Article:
How to Lead a Successful Cause Marketing Campaign

Good marketing tactics may seem second nature to your team, but cause marketing is a different beast. Here's what you need to know.

By Inc.Arabia Staff
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Your marketing money is precious, and spending it to promote another organization may not seem worthwhile. But think again.  

Indeed defines cause marketing as a "type of campaign in which a for-profit business seeks to advocate for a social cause while increasing profits." In this way, cause marketing is different from charitable giving, says Lauren Reed, CEO of Reed Public Relations, a Nashville-based public relations and marketing agency that offers cause marketing services: "It's truly a marketing function that drives sales and awareness for your organization while also benefiting your nonprofit or community partner."  

Pulling together a top-tier cause marketing campaign could be a key differentiator for your business, particularly now, as CEOs across the globe put a greater emphasis on social issues. Here's how to stand out in the saturated market and get cause marketing right. 

Vet your partners  

Most of the success of your cause marketing campaign is determined before you even pick up the phone to call a potential partner, Reed says. Due diligence is crucial to determine that the charitable organization you want to work with is a worthy partner and resonates with both your target audience and your employees, Reed adds. 

Reed recommends asking yourself several key questions to vet a potential partner: Do your core values align with this potential partner? What is their reputation? Are they efficient with their funding? Could your company make a real difference in their efforts? Is the organization open to a true partnership?  

"If you don't take that really thoughtful step--that vetting and knowing your audience and what they're looking for--all of the tools aren't going to matter," Reed says.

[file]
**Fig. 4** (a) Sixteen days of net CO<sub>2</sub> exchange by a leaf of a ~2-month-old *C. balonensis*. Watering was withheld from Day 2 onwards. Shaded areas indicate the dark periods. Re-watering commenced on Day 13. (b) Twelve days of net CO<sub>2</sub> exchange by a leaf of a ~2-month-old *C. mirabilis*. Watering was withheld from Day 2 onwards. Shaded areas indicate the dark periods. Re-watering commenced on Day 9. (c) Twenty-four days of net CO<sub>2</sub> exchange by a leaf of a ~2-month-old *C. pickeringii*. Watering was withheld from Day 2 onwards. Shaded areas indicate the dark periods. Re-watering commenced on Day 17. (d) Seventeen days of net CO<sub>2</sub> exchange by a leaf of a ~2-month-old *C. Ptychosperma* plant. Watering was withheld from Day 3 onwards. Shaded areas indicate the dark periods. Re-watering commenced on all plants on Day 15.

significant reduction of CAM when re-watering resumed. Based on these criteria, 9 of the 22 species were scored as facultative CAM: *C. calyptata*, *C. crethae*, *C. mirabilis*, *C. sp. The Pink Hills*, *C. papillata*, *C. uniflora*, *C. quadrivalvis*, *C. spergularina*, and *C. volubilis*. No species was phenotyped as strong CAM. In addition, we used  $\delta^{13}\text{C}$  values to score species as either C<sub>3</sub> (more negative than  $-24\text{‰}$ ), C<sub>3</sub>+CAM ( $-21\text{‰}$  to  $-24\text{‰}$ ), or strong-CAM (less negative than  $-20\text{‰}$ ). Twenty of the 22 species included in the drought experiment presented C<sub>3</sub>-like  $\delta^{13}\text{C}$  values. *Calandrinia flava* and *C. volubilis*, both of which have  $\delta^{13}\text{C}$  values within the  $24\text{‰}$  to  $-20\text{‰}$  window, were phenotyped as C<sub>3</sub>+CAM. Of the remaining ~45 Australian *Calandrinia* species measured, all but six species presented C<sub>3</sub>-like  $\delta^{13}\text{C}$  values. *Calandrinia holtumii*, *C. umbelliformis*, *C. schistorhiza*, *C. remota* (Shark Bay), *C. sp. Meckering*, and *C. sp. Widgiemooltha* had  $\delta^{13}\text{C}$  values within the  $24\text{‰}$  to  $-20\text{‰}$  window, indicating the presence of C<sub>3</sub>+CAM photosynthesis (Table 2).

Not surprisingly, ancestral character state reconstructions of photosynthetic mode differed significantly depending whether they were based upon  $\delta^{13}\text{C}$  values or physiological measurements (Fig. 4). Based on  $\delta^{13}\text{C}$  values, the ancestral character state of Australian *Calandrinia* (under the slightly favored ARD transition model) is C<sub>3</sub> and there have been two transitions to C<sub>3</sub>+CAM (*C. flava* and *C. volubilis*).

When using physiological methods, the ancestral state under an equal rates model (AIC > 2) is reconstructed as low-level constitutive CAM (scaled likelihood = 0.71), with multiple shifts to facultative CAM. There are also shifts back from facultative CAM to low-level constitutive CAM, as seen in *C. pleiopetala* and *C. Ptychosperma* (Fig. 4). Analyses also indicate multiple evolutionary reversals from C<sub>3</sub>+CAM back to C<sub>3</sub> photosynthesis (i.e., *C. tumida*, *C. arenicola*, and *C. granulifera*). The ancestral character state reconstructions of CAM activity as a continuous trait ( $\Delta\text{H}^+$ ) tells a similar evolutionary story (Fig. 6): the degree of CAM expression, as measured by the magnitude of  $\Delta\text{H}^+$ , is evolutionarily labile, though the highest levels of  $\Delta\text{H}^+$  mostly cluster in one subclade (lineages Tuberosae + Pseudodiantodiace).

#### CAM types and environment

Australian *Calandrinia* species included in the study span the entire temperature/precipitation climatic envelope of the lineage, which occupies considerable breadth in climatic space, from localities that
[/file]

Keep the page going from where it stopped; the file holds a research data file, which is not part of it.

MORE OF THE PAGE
Consider: Is it executable? 

For a cause marketing campaign, you are looking for a turnkey solution, Reed says--not something that's going to create undue headaches or work for your already strapped team. 

Tiff's Treats learned this the hard way. When the Austin-based cookie-delivery company opened its second location in the city and third overall in 2008, it partnered with the Make-A-Wish Foundation for the grand opening and committed to donating at least $5,000 through cookie sales. But with the day's low price point of $2 per dozen cookies, the team quickly realized how difficult it would be to reach that goal--and how hard they'd have to work to make it happen, says Tiffany Chen, chief creative officer and co-founder of Tiff's Treats.  

"We set ourselves up for a pretty rough day," she says. Since then, the company has had approximately 90 more grand openings successfully supporting community causes, Chen says. But she cautions that business owners should carefully consider the achievability of their initial goals. To do this, Reed suggests starting small with a pilot program: "See what the result is, and then tweak it."  

Focus on the cause first, then marketing   

The very definition of cause marketing emphasizes the both-sides benefit, and that shouldn't be taken lightly in planning a cause marketing campaign, Reed says. "Most of our clients are taking their cause-related marketing out of their marketing budgets. So there still needs to be a marketing ROI."   

And yet, customers can sniff out campaigns that aren't genuine, says Leon Chen, co-founder, CEO, and chairman of Tiff's Treats. "You've got to think of it as cause first and marketing later. If the worst thing that happens is we help this charity out, that's pretty awesome, too." 

Reed saw the power of a cause-led campaign in 2020, when her team worked with the furniture maker Good Wood Nashville. After a tornado ripped through the Nashville area, the Good Wood team created and sold "Nashville Strong" signs to support small businesses in the area, including a number of local restaurants. The signs started at a $25-$50 price point, depending on the type, and 50 percent of sales (more than $25,000 in total) was donated to neighborhood businesses.

The move generated goodwill from the community and helped Good Wood reach restaurant owners, a target market for their high-end woodwork--but the true power of the campaign came from the team's commitment to the cause, Reed says. "The most impactful cause marketing campaigns I've seen have been when the owners or the team are truly passionate and engaged." 

Photo Credit: Getty Images.

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